The deeper we go into the world of specialized, natural-style aquariums, the more unique opportunities arise to witness new behaviors in our fishes, and to achieve some interesting outcomes. One of the coolest ideas that I believe deserves more attention is the idea of manipulating environmental conditions in our aquariums to replicate the seasonal changes that take place in these environments in Nature.
It's hardly an earth-shattering idea, but I think that the concept of seasonal environmental manipulation as simply part of managing some types of aquariums deserves some additional consideration, because it can more faithfully reproduce the subtle changes in the environment of our fishes on an ongoing basis.
It's been known for decades that environmental changes to the aquatic environment caused by weather (particularly "wet" or "dry" seasons/events) can stimulate fishes into spawning.
As a fish geek keen on not only replicating the look of our fishes' wild habitats, but as much of the "function" as possible, I can't help myself but to ponder the possibilities for greater success by manipulating the aquarium environment to simulate what happens in the wild.
Probably the group of aquarists who has had the most experience and success at incorporating such environmental manipulations into their breeding procedures is Corydoras catfish enthusiasts!
Many hobbyists who have bred Corydoras utilize the old trick of a 20%-30% water exchange with water that is up to 10° F cooler (6.5° C) than the aquarium water is normally maintained at. It seems almost like one of those, "Are you &^%$#@ crazy- a sudden lowering of temperature?"
However, it works, and you almost never hear of any fishes being lost as a result of such manipulations.
I often wondered what the rationale behind such a change was. My understanding is that it essentially is meant to mimic a rainstorm, in which an influx of cooler water is a feature. Makes sense. Weather conditions are such an important part of the life cycle of our fishes.
With a greater understanding of some of the environments we attempt to replicate in our tanks, and a desire on our part to replicate the way they exist at different times of the year, many of us are starting to experiment with seasonal water level increases, botanical "pulsing", etc.
Still others attempt to simulate a "dry spell" by allowing the water quality to "degrade" somewhat (what exactly that means is open to interpretation!), while simultaneously increasing the aquarium temperature a degree or two. This is followed by a water exchange with softer water (ie; pure RO/DI), and "resetting" the tank temp to the tank's normal range of parameters.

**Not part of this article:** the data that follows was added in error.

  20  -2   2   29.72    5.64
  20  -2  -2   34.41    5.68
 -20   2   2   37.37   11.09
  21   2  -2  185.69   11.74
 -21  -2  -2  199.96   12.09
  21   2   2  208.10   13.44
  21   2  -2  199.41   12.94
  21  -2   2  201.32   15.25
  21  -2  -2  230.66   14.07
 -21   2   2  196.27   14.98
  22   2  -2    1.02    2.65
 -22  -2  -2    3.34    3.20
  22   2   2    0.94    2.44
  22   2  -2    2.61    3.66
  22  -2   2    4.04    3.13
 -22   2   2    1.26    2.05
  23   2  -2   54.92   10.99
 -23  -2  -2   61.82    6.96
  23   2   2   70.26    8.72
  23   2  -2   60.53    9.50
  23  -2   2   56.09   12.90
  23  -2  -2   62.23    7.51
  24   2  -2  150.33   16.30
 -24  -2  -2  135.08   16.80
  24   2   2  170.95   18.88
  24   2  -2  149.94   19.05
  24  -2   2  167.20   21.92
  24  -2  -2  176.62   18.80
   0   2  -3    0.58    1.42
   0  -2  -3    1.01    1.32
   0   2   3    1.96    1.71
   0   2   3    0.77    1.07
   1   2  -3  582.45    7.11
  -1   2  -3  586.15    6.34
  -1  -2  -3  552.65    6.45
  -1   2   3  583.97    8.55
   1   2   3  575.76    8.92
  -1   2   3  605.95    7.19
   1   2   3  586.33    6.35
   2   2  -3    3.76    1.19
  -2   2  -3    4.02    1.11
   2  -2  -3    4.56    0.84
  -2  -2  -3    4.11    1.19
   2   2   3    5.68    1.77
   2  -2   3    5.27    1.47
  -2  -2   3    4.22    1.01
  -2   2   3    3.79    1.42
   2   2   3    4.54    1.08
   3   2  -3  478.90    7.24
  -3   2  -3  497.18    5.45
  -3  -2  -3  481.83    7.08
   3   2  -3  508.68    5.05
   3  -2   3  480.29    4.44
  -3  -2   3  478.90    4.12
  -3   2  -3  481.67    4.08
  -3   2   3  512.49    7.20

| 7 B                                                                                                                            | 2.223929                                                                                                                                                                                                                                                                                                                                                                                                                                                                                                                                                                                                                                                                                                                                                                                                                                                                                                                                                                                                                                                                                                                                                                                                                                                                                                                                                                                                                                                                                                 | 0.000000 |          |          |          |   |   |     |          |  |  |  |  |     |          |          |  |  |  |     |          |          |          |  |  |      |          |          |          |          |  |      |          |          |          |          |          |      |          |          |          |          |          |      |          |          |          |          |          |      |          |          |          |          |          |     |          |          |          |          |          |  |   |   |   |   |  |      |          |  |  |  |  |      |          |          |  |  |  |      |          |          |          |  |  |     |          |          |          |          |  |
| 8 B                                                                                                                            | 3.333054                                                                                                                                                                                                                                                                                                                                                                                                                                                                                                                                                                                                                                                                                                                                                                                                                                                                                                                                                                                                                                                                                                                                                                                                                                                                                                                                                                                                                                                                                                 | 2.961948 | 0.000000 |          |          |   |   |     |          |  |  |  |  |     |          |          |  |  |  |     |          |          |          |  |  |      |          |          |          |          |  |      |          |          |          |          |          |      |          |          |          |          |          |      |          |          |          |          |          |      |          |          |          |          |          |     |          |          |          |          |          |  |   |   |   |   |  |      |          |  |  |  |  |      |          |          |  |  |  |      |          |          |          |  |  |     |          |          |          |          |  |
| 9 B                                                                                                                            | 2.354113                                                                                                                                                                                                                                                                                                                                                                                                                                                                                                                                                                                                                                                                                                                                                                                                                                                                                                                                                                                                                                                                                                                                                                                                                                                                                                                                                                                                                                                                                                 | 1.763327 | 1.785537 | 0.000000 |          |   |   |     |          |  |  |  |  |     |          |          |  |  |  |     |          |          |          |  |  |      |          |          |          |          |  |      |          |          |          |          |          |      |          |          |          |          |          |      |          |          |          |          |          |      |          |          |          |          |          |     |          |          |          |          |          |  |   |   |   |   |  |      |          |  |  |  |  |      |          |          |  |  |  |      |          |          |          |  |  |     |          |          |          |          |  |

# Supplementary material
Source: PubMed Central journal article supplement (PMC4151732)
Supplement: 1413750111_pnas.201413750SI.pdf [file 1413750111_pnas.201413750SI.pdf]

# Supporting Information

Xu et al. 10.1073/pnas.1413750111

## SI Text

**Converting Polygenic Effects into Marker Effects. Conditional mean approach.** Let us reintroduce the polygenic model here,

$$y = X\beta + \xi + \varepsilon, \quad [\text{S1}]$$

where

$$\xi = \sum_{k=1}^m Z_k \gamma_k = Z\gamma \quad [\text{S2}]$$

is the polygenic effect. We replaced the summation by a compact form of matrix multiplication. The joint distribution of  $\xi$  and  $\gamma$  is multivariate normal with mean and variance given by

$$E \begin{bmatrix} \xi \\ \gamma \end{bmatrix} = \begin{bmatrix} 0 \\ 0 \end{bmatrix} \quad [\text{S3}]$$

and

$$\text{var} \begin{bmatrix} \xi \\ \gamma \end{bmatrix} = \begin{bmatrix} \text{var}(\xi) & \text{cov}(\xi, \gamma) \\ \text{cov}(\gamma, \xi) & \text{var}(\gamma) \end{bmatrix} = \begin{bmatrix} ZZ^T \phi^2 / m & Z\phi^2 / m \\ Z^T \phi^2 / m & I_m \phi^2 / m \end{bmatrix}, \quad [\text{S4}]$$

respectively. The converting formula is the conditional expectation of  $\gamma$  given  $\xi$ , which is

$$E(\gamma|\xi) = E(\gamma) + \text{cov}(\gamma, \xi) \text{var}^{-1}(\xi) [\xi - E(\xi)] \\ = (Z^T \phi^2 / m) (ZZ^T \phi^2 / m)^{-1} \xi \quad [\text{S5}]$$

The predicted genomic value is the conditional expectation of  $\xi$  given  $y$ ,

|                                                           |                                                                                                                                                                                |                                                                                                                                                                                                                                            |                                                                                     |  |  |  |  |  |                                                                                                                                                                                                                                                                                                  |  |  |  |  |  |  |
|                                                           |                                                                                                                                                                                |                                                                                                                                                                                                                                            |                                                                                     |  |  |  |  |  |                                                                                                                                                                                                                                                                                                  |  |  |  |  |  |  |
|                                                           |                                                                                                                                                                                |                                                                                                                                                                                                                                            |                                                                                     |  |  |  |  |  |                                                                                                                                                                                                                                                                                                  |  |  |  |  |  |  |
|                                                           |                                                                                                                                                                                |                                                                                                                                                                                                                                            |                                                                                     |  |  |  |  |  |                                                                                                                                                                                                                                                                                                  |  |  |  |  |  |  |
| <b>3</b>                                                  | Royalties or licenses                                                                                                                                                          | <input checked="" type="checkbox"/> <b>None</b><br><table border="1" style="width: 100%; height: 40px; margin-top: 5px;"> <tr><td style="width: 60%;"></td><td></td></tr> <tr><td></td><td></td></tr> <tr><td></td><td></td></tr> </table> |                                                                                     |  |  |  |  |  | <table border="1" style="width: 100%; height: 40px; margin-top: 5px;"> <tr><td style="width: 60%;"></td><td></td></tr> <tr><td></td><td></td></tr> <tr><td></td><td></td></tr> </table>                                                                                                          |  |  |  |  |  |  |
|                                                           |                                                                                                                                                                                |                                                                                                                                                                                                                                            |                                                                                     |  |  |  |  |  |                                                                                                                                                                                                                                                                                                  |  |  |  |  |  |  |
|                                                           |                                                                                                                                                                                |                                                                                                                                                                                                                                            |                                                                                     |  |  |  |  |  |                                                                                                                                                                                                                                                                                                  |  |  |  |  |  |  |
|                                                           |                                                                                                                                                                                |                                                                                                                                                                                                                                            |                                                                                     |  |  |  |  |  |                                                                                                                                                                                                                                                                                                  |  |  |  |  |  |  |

The "variation" I have heard is to do the above procedure, accompanied by an increase in current via a filter return or powerhead, which simulates the increased water volume/flow brought on by the influx of "rain."
Many breeders will fast their fishes for a few days, followed by a big "binge" of food after the temperature drop, apparently simulating the increased amount of food in the native waters when rains come.
Still other hobbyists will reduce the pH of their aquarium water to stimulate breeding. And I suppose the rationale behind this is once again to simulate an influx of water from rain or other external sources...
Weather, once again. It's influence is wide-reaching and inescapable.
And another trick I hear from my Cory breeder friends from time to time is the idea of tossing in a few Alder cones into the tank/vessel where their breeders' eggs are incubating. This decades-old practice is justified by the assertion that the alder cones possess some type of anti-fungal properties...not entirely off base with some of the scientific research we've found about the (allegedly) anti-microbial/antifungal properties of catappa leaves...
And of course, I hear/read of recommendations to use the aforementioned catappa leaves, oak leaves, and Magnolia leaves for just this purpose...
And of course, if we look at the natural habitats where many of our fishes originate, we see these seasonal changes having huge impact on the aquatic ecosystems. In The Amazon, for example, the high water season runs December through April. And during the flooding season, the average temperature is 86 degrees F, around 12 degrees cooler than the dry season.
And during the wet season, the water level in the streams and rivers can be between 6-7 meters higher than they are during the dry season!
And of course, there are more fruits, flowers, and insects during this time of year- important food items for many species of fishes.
And the dry season?
Well, that obviously means lower water levels, higher temperatures, and abundance of fishes, most engaging in spawning activity.
Any annual killifish enthusiast will tell you a dozen ways to dry-incubate eggs; again, a beautiful simulation of what happens in nature...So much of the idea can be applicable to other areas of aquarium practice, right?
Yeah... I think so.
It's pretty clear that factors such as the air, water and even soil temperatures, atmospheric humidity, the water level, the local winds as well as climatic variables have profound influence on the life cycle and reproductive behavior on the fishes that reside in these dynamic tropical environments! I'm really enjoying experimenting with going from "dry season to wet season" in some tanks at the moment, and it's nothing if not fun!
We've literally scratched the surface, and the opportunity to apply what we know about the climates from where our fishes originate, and to incorporate, on a broader scale, the practices which our Corydoras-enthusiast friends employ on all sorts of fishes.
So much to learn, experiment with, and execute on. And in Nature, we have the very best example of all from which to draw information and inspiration!
Stay curious. Stay intrigued. Stay observant. Stay creative. Stay experimental...
And Stay Wet.